[nSLUG] On topic of favorite distros, and Linux on the Desktop

Paul Boudreau pbx at eastlink.ca
Thu Mar 4 23:32:07 AST 2004


Jeff Warnica wrote:

>Stallman's view is not that you should have the right to share, but that
>you should be obligated to do so. If his goal was to re-implement UNIX
>with completely license unencumbered code, he could have done so by
>putting the work in the public domain. The GPL is viral in nature not by
>accident, but by specific design. RMS, and GNUs goal is neither
>financial, nor technology but political.
>
>MSFT is a for profit company. It is in the very definition of what they
>are that they are supposed to make money. Directors of a publicly traded
>company are legally obligated to do whatever will make their
>shareholders the most money. Now, it may be true that MSFT, directly
>through their marketing department, and indirectly through SCO, is
>attacking the legality of "free software" itself. That does not
>necessarily mean that it either what Microsoft thinks, or even what
>Gates' thinks, but what they think is best for MSFT in terms of
>profitability. Using the same logic that their is likely a group of US
>military thinkers planning a global defense against an attack of
>radioactive hamsters[1], their is also like a group of people inside
>MSFT (who "get it") trying to figure out how they can make money with
>this "free software" thing. If at some point, someone they figures out
>how to make (more) money by releasing everything under a OSI Certified,
>or even a GPL compatable, license, I'm sure they will do so. MSFT has
>the most to loose, and they may never figure out how to make free
>software work for them. But I am not going to deny them the right to
>license their code as they see fit. I'm not going to attack copyright
>law - the very law that allows the GPL to work.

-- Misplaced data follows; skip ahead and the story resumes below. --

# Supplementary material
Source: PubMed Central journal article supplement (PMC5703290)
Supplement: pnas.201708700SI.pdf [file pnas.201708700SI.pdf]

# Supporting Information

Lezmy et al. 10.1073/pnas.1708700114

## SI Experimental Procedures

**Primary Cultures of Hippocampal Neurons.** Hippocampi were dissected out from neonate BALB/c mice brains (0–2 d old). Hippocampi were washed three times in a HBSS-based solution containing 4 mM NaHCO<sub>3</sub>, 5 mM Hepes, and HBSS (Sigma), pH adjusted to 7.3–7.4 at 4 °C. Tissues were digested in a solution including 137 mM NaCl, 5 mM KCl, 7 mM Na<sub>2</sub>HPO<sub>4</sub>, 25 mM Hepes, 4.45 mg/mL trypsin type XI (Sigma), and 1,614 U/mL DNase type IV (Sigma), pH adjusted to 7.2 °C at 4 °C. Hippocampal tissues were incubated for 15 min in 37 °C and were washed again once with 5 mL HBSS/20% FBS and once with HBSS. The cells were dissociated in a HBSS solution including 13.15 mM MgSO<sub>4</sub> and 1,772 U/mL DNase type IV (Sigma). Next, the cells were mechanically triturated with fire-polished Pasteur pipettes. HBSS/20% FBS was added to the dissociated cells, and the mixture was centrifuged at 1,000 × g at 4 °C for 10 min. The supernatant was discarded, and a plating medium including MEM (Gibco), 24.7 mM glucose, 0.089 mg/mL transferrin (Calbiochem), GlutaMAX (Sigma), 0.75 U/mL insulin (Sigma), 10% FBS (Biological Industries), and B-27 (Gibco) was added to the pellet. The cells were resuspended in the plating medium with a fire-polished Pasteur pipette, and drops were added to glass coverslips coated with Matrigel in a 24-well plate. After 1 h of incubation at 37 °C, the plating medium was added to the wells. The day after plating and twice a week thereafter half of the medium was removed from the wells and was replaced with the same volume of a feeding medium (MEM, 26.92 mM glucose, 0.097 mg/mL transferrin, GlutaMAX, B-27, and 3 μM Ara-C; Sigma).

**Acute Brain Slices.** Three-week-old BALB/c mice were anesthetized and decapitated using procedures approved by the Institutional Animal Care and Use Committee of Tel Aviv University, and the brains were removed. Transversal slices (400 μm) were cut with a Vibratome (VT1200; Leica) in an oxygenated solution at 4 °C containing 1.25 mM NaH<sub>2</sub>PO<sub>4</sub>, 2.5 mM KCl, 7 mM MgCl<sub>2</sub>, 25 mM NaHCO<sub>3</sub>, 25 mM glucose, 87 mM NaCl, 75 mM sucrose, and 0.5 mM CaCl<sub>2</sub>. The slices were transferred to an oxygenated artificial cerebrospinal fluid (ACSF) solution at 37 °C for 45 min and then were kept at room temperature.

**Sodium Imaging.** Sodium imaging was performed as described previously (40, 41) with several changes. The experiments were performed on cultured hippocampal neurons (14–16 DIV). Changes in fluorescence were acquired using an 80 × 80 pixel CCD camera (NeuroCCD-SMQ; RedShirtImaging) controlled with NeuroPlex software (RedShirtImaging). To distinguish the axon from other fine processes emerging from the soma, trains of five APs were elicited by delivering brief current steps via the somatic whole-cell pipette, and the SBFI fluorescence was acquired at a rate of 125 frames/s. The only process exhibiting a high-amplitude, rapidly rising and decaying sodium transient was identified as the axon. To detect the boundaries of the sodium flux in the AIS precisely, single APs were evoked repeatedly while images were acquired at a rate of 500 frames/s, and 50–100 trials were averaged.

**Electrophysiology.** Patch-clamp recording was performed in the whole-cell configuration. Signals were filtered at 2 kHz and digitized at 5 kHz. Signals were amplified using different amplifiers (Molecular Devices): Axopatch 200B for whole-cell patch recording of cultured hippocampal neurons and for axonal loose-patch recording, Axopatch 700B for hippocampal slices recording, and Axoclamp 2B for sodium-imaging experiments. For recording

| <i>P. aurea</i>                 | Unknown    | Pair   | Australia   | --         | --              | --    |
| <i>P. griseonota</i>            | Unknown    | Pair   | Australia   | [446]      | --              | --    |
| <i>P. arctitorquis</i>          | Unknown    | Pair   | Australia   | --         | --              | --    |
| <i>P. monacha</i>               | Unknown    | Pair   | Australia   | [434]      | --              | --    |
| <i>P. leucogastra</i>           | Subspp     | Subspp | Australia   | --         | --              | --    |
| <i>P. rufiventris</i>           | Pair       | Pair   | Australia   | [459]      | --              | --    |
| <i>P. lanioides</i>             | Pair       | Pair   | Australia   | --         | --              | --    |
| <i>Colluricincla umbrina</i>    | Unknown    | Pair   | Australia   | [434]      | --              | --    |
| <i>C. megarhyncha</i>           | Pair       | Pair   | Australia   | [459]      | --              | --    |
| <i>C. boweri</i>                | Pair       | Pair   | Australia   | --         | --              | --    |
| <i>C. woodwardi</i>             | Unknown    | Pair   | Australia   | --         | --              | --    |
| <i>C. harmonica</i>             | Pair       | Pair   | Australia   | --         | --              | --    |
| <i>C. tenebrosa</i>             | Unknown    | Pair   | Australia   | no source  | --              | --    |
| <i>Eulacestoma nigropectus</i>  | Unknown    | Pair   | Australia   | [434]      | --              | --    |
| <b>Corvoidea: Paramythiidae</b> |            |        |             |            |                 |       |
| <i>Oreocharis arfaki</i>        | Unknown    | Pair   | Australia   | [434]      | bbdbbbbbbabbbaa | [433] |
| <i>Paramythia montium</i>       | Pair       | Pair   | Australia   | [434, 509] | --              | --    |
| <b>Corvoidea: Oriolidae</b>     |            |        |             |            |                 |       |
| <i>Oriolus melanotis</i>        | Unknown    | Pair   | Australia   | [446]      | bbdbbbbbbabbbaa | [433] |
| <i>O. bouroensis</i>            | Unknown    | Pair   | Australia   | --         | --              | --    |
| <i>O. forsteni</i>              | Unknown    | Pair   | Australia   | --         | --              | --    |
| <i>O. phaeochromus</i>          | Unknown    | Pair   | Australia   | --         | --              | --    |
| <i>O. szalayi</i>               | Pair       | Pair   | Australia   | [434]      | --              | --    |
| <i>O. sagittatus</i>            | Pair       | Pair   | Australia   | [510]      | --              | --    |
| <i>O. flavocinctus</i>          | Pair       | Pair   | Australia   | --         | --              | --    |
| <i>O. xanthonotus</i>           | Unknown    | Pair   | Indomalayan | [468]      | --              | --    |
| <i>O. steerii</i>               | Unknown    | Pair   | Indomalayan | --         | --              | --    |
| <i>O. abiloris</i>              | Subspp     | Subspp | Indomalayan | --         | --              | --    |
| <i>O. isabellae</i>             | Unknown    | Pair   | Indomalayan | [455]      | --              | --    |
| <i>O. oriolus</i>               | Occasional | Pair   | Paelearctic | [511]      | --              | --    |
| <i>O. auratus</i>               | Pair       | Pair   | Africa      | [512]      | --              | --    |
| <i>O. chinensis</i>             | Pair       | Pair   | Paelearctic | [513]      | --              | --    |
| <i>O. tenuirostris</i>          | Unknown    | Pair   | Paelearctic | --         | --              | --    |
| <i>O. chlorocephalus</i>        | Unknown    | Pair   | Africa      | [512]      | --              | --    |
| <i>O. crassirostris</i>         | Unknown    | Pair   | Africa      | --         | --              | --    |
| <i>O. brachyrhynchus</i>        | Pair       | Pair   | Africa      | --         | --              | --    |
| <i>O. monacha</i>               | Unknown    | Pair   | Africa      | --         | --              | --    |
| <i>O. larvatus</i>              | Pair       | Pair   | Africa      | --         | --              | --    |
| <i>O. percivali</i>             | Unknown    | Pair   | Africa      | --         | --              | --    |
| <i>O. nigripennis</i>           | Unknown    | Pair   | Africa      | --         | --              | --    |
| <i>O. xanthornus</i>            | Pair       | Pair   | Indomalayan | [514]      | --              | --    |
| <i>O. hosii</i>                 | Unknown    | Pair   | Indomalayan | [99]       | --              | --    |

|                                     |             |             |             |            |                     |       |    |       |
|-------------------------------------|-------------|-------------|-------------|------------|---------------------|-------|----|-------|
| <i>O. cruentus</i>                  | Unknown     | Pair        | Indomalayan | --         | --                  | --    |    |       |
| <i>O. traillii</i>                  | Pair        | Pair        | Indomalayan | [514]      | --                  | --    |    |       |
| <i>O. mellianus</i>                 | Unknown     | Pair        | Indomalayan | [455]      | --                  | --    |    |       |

>
>Again, if RMS/GNUs point was to get rid of licenses, to get rid of
>copyright, they they would put GNU stuff in the public domain.
>
>You talk about freedom, but you also say that you don't want to get
>things working with Windows. Writing cross platform code is not
>impossible (and being a non-cross platform code writer I submit that the
>practice itself results in superior code). What about xBSD? Why are you
>denying someone the freedom to choose their OS? Windows shouldn't be
>used for technological reasons, but I'm not going deny someone their
>right to run an OS of their choice based on politics alone.
>
>[1] from a planet near mars
>
>On Thu, 2004-03-04 at 18:18, Paul Boudreau wrote:
>  
>
>>You think he's wrong. I think he's right. That's freedom.
>>There are two points of view, Stallman's and Gates'.
>>Stallman thinks people should have the right to share,
>>distribute and modify software. Gates thinks you shouldn't.
>>Some people think "Open Source" was a good compromise,
>>so did Bill, now you can get M$ Open Source software.
>>At some point in the future, the GPL will get a thorough
>>testing in the courts and we will see the outcome.
>>Personally, I don't even like to hear about people dual-
>>booting with Windows, doesn't interest me in the least.
>>What interests me is making "everything" work in GNU/Linux. He who risks 
>>nothing, does nothing and
>>becomes nothing.
>>    
>>
>
>
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>  
>
I agree with you, nobody should be forced to share, but if
you don't, that makes you selfish and nobody will like you
(didn't your parents teach you this).
And, didn't mean to restrict your freedoms by saying my
preference is not to dual boot, but it's my opinion that way
too much time is spent on Wine and Crossover and Win4Lin
and their "ilk" that if that effort had gone into making Linux
versions of the same software we would all be better served.
I think that everyone is in favour of freedom, it's just that
some people have no idea what it is.



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